Ground zero: Navigating in freedom
In the early morning of February 6, 2023, the southeastern part of Turkey was shaken with unprecedented tremors. As a personal rescue volunteer, I was ill prepared for my duties in the aftermath of this earthquake. However, my country was even less prepared for this moment. Major disasters bring a lot of challenges to anyone who tries to operate in the affected zone. Modern infrastructure, while having immense capabilities, can also be very fragile. Buildings collapsed during Turkey's recent earthquakes. The electric grid also went down, taking with it almost every utility, which we all-too-often take for granted, including the most fragile modern utility, the Internet.
Every first response has this conundrum. Being self-sufficient is of paramount importance, and there are many utilities and services that are necessary in order to achieve a successful response. Navigation services, for example, are necessary because an emergency team first has to triage the damage, and this requires accurate location and mapping. Only after that is it possible to divert resources and reallocate them to the correct locations. How would you do that if all you have used and know is proprietary mapping systems that have a hardcoded dependency on a continuous, fast broadband connection?
Enter OpenStreetMap (OSM).
At ground zero, OSM provided us with the mapping that we very much needed. When I was finally able to arrive in the area and was first deployed on the field, nobody was yet able to navigate properly. Along with much of our critical equipment, our dedicated GPS devices were sent somewhere else because the location of the earthquake's epicenter was misjudged, and almost all the personnel were trying to use their data connection to download the same maps over and over again in order to respond to every direction given by the command center. It was in this setting that I introduced a powerful free software tool called "OsmAnd~" (OSM for Android), along with pre-downloaded maps that I had on my handheld device, which I was using to flawlessly navigate through the city.
When others saw this, it was received by the group as "magic." Not only could I navigate offline, but I was able to process meaningful Universal Transverse Mercator (WGS 84 UTM) coordinates, which are critically useful in outdoor maps, where referencing needs to be done by hand. This makes coordinating teams over single-channel, low-bandwidth radio systems extremely easy. These coordinates are hidden from the user in all proprietary mapping systems and with no way to bring them to the fore -- not even in a crisis!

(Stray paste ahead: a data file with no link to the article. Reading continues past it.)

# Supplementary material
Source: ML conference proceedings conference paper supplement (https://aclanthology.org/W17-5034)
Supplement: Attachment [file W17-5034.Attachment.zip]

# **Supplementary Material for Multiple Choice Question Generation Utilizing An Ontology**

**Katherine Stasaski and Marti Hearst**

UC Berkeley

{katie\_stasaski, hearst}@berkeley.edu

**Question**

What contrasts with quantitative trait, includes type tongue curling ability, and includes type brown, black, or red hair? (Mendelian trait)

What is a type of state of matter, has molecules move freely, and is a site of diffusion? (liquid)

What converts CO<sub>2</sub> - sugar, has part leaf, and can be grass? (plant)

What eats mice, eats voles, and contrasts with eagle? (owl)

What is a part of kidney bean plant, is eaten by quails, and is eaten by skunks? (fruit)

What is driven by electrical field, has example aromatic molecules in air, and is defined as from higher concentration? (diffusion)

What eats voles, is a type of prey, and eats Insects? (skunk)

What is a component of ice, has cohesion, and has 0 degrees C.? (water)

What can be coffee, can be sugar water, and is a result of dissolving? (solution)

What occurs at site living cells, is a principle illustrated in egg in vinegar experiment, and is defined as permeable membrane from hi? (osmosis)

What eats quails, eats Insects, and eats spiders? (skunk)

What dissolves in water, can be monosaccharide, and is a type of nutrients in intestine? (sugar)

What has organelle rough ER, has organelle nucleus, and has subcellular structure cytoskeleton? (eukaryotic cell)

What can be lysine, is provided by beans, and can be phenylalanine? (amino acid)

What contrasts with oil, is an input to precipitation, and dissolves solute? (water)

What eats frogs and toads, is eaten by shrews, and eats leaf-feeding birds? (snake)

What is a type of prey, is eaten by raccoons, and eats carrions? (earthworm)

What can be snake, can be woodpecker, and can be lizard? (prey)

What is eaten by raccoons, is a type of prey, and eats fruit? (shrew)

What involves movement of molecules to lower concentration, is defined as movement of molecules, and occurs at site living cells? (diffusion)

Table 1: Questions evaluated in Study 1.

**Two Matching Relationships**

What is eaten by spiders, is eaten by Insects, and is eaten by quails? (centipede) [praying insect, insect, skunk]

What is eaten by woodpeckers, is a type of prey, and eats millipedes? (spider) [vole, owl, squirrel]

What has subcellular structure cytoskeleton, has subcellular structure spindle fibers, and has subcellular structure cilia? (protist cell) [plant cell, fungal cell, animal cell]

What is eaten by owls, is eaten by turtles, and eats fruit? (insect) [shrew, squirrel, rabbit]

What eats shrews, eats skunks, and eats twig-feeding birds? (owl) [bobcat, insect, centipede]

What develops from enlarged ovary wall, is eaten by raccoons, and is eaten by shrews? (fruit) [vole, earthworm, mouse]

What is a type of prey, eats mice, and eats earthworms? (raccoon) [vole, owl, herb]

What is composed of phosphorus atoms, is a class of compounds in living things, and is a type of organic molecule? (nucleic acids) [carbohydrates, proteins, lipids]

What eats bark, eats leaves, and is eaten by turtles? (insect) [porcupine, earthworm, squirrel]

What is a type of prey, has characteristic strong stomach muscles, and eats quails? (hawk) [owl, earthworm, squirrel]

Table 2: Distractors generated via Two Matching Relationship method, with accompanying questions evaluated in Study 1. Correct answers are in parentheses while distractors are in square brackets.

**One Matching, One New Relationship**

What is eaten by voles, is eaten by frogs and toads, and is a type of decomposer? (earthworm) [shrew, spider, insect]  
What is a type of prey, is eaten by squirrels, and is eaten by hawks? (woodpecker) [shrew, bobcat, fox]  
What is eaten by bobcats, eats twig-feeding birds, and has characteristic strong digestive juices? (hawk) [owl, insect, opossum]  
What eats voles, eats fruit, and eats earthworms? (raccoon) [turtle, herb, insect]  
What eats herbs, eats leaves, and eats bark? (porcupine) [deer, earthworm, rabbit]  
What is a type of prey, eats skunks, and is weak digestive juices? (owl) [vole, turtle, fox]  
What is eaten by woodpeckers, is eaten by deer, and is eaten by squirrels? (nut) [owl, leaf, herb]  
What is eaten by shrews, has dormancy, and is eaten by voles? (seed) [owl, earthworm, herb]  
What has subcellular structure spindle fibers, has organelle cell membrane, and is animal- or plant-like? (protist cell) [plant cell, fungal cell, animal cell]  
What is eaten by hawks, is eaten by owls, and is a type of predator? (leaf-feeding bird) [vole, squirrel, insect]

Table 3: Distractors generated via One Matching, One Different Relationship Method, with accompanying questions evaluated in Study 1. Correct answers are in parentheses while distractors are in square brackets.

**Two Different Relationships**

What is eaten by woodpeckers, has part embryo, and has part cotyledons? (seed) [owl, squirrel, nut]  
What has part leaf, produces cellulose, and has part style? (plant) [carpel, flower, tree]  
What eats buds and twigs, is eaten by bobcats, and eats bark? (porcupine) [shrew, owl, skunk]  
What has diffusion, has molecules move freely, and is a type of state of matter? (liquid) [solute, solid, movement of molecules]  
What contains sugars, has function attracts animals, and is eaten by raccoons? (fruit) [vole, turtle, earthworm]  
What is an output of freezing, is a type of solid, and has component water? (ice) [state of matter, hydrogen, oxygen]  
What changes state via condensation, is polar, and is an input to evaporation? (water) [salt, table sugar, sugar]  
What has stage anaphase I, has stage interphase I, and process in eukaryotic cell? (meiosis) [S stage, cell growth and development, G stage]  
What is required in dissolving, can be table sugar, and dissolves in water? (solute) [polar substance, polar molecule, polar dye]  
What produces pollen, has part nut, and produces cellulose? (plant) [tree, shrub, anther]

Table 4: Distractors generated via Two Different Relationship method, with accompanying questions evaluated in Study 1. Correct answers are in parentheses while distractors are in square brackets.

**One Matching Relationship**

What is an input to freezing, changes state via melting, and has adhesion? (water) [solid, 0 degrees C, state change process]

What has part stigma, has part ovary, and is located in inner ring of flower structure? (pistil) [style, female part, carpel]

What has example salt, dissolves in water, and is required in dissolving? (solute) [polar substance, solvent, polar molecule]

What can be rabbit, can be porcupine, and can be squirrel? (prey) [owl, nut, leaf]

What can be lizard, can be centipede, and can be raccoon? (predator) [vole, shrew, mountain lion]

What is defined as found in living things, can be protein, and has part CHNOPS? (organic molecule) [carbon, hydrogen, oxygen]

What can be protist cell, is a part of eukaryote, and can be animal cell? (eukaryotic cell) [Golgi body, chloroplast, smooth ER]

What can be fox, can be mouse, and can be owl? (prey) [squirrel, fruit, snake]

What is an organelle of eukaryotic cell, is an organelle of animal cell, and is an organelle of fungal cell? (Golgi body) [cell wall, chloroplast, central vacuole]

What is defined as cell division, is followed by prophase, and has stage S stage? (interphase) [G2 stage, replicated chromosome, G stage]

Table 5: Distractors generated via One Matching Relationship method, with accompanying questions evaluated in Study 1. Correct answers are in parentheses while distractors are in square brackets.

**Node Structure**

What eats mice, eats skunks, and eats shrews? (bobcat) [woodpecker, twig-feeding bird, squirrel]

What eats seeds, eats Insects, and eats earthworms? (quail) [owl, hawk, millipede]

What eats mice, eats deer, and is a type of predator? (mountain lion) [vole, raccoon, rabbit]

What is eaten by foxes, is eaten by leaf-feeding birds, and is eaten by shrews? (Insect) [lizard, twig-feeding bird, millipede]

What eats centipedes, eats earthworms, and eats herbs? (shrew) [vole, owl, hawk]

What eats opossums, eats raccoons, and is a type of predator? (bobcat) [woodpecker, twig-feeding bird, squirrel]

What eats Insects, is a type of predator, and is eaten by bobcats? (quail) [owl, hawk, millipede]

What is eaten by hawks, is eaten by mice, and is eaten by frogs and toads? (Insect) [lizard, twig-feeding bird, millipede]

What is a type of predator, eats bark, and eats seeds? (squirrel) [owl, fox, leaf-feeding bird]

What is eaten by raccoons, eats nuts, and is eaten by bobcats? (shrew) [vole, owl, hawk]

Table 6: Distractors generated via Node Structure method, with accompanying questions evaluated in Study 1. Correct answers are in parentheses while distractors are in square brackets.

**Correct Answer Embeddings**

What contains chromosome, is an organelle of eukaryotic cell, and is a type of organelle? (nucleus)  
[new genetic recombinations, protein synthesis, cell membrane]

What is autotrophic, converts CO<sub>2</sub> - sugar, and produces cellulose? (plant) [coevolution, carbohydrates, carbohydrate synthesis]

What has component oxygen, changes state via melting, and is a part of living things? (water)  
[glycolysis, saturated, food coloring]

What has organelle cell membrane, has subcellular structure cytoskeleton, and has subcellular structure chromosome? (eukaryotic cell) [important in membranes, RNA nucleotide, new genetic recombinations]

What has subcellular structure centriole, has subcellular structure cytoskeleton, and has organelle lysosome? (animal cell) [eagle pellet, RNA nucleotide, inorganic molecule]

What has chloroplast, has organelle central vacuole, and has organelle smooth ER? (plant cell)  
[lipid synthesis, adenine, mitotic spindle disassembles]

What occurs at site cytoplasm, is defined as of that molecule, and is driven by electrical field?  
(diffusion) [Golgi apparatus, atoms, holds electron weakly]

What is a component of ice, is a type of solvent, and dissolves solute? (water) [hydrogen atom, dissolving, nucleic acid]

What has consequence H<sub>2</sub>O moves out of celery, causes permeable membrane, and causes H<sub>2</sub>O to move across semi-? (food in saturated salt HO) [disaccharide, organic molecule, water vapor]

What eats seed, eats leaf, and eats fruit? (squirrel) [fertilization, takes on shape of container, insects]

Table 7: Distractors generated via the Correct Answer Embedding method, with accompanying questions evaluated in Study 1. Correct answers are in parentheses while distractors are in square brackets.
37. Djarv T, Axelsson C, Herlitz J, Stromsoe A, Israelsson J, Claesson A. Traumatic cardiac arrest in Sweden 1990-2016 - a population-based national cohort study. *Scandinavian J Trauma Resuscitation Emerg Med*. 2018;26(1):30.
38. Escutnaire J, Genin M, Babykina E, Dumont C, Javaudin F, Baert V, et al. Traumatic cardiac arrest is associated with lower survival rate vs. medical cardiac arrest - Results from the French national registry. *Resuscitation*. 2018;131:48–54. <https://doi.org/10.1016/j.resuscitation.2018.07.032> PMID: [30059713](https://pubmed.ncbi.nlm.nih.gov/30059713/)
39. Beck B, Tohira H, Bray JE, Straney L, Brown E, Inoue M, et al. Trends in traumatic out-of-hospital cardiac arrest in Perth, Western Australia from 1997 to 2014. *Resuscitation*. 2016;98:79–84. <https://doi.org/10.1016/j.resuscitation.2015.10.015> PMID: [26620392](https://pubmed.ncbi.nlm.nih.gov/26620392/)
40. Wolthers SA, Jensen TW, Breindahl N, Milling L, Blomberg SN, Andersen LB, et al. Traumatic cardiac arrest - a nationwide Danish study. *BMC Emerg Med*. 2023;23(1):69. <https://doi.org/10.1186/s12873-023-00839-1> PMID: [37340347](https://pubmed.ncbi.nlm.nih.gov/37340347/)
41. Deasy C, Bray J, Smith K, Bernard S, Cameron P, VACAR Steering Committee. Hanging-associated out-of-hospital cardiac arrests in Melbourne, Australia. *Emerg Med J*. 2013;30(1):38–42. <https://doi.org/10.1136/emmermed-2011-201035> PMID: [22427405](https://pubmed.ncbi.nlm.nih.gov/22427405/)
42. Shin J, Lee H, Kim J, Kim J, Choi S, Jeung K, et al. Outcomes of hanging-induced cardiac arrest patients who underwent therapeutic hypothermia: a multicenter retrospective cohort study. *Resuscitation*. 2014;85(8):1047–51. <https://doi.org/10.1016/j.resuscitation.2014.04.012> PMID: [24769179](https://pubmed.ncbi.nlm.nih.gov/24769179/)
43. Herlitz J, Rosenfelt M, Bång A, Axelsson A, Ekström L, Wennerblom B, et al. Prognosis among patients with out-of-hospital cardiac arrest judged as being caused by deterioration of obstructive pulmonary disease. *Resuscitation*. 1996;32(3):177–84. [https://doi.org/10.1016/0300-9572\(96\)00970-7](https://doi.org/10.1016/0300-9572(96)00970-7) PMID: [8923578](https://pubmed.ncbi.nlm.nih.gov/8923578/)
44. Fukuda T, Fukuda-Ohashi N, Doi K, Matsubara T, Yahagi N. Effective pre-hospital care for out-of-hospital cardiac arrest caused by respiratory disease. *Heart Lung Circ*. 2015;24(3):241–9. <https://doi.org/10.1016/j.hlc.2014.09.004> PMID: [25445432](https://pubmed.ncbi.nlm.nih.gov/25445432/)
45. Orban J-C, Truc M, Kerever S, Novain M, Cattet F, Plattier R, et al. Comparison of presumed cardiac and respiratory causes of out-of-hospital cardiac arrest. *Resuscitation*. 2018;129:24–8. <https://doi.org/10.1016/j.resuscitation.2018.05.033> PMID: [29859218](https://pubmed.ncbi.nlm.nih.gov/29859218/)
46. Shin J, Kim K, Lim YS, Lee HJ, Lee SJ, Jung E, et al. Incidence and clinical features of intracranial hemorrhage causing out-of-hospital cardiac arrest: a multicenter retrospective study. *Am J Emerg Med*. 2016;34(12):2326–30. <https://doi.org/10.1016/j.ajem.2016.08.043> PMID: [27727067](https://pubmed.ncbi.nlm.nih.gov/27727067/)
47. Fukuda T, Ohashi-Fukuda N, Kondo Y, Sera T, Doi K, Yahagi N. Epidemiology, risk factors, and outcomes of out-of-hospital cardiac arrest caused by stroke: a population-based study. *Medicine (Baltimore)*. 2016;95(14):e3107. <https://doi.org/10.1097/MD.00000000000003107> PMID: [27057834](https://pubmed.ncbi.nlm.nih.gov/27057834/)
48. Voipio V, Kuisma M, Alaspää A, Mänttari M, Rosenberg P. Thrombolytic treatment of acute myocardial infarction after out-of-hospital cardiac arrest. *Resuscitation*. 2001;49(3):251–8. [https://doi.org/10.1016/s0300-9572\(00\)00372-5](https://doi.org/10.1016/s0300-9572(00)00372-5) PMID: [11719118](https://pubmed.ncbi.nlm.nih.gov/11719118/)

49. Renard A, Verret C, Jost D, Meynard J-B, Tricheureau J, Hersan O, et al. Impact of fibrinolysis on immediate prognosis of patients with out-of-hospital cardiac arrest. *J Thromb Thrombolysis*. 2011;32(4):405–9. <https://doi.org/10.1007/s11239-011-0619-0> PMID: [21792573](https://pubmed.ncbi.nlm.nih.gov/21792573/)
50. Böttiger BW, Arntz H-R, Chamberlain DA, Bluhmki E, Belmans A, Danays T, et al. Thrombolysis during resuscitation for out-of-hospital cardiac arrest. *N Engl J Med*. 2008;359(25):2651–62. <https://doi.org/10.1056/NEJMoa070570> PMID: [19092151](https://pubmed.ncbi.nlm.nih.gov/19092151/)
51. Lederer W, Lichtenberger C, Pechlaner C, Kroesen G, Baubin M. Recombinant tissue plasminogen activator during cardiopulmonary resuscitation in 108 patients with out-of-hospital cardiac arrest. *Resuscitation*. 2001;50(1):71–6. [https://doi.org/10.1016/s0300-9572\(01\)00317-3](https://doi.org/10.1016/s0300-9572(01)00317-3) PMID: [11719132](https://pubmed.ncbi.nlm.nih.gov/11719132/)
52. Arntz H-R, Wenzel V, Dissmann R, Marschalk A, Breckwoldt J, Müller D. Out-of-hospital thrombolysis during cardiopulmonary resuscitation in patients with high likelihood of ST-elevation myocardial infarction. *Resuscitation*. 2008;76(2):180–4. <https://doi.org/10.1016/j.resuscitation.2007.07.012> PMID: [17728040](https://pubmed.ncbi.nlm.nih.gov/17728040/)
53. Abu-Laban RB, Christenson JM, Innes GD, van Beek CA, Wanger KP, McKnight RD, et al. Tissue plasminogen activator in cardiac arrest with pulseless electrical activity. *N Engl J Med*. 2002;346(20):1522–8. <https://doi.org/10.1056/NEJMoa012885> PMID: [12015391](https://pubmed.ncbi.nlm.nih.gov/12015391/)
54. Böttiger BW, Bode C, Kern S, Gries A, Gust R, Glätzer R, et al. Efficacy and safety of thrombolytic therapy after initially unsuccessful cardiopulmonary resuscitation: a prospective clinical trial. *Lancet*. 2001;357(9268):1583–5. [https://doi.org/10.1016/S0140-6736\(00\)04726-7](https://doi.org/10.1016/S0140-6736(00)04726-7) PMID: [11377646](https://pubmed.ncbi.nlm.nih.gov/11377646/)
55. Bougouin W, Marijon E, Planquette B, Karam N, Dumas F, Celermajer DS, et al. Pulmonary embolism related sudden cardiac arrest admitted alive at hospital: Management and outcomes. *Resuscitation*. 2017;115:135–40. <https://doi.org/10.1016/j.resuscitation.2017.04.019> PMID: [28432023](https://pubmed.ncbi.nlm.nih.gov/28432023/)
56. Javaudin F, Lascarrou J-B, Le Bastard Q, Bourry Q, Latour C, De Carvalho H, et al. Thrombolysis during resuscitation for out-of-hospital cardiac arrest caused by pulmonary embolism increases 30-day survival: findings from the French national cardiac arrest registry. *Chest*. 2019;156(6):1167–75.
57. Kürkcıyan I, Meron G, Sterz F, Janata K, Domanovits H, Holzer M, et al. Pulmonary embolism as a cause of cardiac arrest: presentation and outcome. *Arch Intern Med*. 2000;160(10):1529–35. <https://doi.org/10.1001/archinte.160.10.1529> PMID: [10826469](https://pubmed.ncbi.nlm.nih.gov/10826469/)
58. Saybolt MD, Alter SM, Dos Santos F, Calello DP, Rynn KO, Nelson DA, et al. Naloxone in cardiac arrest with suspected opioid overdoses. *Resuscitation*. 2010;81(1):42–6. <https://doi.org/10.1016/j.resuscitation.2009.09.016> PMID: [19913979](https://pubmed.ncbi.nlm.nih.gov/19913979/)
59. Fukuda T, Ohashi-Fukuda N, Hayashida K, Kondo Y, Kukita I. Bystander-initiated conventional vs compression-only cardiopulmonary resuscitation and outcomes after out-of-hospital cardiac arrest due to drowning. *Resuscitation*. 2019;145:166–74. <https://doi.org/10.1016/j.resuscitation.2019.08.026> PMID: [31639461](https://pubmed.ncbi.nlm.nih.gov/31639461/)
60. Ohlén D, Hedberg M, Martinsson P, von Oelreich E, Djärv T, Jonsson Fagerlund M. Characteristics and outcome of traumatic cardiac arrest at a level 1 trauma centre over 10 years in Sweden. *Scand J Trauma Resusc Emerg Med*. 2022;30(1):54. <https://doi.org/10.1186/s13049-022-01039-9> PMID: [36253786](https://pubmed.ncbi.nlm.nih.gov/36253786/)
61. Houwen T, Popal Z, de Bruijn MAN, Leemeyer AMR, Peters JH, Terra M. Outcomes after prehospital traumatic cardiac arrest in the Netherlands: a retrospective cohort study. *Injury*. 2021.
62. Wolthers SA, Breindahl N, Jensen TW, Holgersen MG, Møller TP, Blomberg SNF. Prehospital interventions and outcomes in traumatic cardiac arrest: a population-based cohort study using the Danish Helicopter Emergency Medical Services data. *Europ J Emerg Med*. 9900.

Another challenge we faced was working with limited electrical resources. Batteries only last for so long, and charging takes so much time and power. Therefore, we needed a way to print accurate maps to paper, because paper maps require no batteries or electricity. OSM's maps are ready to print, without restriction, even in these harshest of conditions.
Internet access and electrical resources were not the only problems solved with OSM. Navigational needs, for example, are not just limited to finding your destination. Functionality to help you find a way to get there is also a requirement. And there isn't a worse place on earth one might navigate than a major urban area recently inflicted by a major earthquake. While all other sources cared not about the issue, the world's OSM community took it upon themselves to harness the free (as in freedom) nature of OSM and map the undermapped areas in Turkey and Syria -- and they did so incredibly quickly! Thousands of volunteers around the world mapped millions of buildings and their damage in mere days while the Turkish community were providing readymade layers of the data via VPN over satellite link, whose direct connection to OSM servers was being censored counterproductively by the Turkish government! The outcome was a detailed map of the damaged terrain, marked without draining any of the already scarce human resources from the field.
Through this experience, we felt how the power of volunteers in free software communities, such as those working on OSM development and mapping, can exceed what governments and corporations merely pretend to provide.
Stay safe and keep mapping.